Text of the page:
Cricket

Ali Bacher chats to Sport24

2016-02-26 13:41

Cape Town - In an exclusive interview, doyen of South African cricket DR ALI BACHER talks about transformation, how to eliminate match-fixing within the gentleman’s game and his admiration for AB de Villiers.

Sport24 asked: Since ending your association with Cricket South Africa, what projects have kept you busy?

Ali Bacher: After the 2003 Cricket World Cup, it was my decision to call it a day. I had been involved in cricket administration since 1981 and I knew that it was time to move on. However, I needed to keep my mind active and have enjoyed some wonderful associations which have kept me mentally stimulated and very busy. I have co-written two cricket books with David Williams, I’ve conducted televised interviews with prominent sport personalities for SuperSport since 2010, and I continue to serve as chairman of Right to Care, the largest HIV/Aids NGO in South Africa. I will be turning 74 in May, but I’m not slowing down. I start my day at 05:00 every morning and make time for a long walk.

Sport24 asked: You played a significant role in SA cricket’s readmission. What are your memories?

Ali Bacher: I don’t like to look back but rather forward. However, the reintroduction of South African cricket to the world scene was extraordinary because the body that facilitated our re-entry was the ANC. In 1991, they told World Cricket to support us, but there was no guarantee that there would be democracy in SA. We only went to the 1992 Cricket World Cup because of the late Nelson Mandela. He was the most remarkable man I ever met. Mandela’s philosophy was not to forget the past but to forgive. I was privileged to have interacted with Madiba on a number of occasions, and not once did I notice any bitterness. It was unbelievable from a man who spent 27 years of his life behind bars.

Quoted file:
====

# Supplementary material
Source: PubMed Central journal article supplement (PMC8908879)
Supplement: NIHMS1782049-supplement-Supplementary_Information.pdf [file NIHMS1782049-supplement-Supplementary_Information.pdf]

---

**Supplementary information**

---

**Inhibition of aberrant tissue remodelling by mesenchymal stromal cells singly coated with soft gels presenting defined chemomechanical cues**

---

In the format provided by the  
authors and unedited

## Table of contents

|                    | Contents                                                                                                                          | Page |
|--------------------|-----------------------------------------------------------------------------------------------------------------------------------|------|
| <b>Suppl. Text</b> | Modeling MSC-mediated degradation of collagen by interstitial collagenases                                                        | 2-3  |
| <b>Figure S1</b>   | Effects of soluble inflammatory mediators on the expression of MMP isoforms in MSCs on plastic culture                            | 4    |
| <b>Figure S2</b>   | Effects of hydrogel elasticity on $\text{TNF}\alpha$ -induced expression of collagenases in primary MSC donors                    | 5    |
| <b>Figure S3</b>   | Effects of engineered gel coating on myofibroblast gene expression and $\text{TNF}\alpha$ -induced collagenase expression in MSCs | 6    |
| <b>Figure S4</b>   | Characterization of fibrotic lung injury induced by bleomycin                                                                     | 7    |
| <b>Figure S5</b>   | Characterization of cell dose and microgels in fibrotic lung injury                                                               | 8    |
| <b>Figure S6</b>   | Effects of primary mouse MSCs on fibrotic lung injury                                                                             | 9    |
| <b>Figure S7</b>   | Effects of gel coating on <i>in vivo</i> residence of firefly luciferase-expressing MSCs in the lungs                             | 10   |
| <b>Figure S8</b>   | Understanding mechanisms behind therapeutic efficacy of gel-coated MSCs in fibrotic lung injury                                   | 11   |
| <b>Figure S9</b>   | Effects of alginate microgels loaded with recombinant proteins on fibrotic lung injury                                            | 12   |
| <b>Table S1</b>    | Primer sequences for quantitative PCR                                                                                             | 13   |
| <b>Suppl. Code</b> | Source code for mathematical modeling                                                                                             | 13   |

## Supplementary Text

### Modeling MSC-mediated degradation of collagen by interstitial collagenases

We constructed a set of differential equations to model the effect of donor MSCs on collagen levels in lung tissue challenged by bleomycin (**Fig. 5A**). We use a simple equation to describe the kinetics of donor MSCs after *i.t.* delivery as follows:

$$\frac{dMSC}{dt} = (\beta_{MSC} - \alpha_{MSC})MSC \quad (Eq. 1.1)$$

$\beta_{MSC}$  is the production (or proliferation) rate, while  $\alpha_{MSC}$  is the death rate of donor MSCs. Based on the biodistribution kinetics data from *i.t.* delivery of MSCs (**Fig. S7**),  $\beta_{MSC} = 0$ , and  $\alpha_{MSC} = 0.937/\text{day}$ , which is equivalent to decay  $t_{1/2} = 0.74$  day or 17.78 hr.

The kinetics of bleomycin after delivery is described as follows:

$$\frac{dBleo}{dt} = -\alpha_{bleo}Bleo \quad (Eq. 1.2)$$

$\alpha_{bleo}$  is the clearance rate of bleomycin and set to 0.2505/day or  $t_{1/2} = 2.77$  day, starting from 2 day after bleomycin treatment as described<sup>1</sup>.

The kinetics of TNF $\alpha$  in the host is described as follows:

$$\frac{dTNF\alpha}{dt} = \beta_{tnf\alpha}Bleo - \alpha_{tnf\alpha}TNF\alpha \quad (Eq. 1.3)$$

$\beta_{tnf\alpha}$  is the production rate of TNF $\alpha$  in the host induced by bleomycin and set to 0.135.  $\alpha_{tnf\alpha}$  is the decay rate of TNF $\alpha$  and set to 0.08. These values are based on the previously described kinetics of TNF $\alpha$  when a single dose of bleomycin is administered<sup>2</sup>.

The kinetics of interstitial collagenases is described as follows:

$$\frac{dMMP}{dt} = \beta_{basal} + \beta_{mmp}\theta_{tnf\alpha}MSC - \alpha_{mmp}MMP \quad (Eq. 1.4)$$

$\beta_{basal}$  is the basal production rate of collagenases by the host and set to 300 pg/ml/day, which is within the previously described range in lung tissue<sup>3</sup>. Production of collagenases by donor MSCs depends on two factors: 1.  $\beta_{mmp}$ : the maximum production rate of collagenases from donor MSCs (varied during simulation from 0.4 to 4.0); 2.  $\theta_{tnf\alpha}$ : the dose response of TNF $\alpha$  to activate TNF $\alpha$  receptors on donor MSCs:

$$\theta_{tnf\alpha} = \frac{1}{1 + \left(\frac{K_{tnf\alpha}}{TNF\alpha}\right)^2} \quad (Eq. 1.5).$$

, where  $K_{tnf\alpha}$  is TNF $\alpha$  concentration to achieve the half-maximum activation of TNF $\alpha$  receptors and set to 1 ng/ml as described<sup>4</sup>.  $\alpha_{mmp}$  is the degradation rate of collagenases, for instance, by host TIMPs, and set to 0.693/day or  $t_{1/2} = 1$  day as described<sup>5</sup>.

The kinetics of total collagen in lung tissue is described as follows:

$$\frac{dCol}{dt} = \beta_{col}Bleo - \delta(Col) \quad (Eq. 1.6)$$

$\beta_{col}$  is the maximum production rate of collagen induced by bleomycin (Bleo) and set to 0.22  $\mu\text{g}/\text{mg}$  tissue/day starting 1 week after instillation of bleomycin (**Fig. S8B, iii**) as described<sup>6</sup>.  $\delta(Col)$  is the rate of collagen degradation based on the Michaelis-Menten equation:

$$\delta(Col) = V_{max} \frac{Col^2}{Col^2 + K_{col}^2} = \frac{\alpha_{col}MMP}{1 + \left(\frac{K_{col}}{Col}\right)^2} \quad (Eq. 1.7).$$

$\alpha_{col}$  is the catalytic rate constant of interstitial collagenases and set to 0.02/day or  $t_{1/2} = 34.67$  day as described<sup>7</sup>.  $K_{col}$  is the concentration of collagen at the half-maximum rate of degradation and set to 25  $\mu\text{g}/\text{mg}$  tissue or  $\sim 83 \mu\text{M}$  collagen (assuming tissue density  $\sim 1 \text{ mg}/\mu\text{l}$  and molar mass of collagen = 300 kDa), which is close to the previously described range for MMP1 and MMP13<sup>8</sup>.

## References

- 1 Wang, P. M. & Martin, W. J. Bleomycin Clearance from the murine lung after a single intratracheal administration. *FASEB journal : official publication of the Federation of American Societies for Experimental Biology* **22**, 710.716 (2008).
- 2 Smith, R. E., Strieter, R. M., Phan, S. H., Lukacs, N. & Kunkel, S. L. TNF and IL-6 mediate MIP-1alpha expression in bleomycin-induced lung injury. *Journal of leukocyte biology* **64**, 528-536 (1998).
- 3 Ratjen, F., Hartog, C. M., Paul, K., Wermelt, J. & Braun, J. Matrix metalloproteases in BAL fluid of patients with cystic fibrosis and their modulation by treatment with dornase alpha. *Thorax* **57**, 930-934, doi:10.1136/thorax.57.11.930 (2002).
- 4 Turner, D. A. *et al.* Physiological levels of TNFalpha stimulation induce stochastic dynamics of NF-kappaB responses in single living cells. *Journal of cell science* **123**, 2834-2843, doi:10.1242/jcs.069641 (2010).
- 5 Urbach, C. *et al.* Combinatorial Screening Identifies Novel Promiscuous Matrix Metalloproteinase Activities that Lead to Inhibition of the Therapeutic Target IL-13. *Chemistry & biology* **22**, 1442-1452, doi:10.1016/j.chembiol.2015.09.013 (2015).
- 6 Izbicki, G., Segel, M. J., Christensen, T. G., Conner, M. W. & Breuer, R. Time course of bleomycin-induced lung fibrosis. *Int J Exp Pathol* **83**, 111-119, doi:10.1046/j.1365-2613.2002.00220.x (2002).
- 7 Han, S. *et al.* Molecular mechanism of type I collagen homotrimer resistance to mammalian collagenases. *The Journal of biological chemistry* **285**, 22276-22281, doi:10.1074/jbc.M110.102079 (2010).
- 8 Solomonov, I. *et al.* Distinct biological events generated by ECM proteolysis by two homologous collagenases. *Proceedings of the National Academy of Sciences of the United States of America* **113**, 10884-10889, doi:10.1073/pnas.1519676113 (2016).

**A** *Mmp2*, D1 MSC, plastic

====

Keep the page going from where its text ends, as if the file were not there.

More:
Sport24 asked: What have you made of Kagiso Rabada and Temba Bavuma’s rise to prominence? 

Ali Bacher: Rabada is a young man and his workload has to be managed carefully, but his feet are on the ground, he wants to develop and he’s level-headed, which is very good for SA cricket. The 20-year-old, schooled at St Stithians College, is a terrific talent. Meanwhile, Bavuma has to be the shortest batsman I’ve ever seen play Test cricket. I thought the bowlers would bounce him out, but when I watched him bat at Newlands, he was pulling them through midwicket for four. Lions head coach Geoffrey Toyana told me that he has never known a cricketer that works as hard on his game as Bavuma does. He’s at the nets every day and if you work that hard you’ll make it. All credit to him.

Sport24 asked: CSA’s race quota is at least four players of colour in every international. Your take?

Ali Bacher: I’m quite happy for there to be race quotas at school, university and Under-19 level, as well as for SA Colts XI. However, I have a problem in the year 2016 for quotas to be enforced at senior provincial and national team level. In Gauteng, the black quota is by and large filled up by children who attend good private schools and are thereby not disadvantaged. The majority of them are schooled at St John’s, St Stithians and St David’s. As such, they should be competing equally for a place in the aforementioned junior teams alongside their white counterparts. However, if the children hail from Soweto or Alexandra, for example, I have no issue with quotas. Unfortunately, for a young black cricketer from the township, who has a feel, gift and passion for cricket, to progress there is only one way – to move quickly to one of the 30 identified, historically strong cricket schools in the country. As a case in point, Bavuma first attended SACS in Cape Town and then St David’s in Johannesburg, Hashim Amla went to Durban High School and Makhaya Ntini was at Dale College.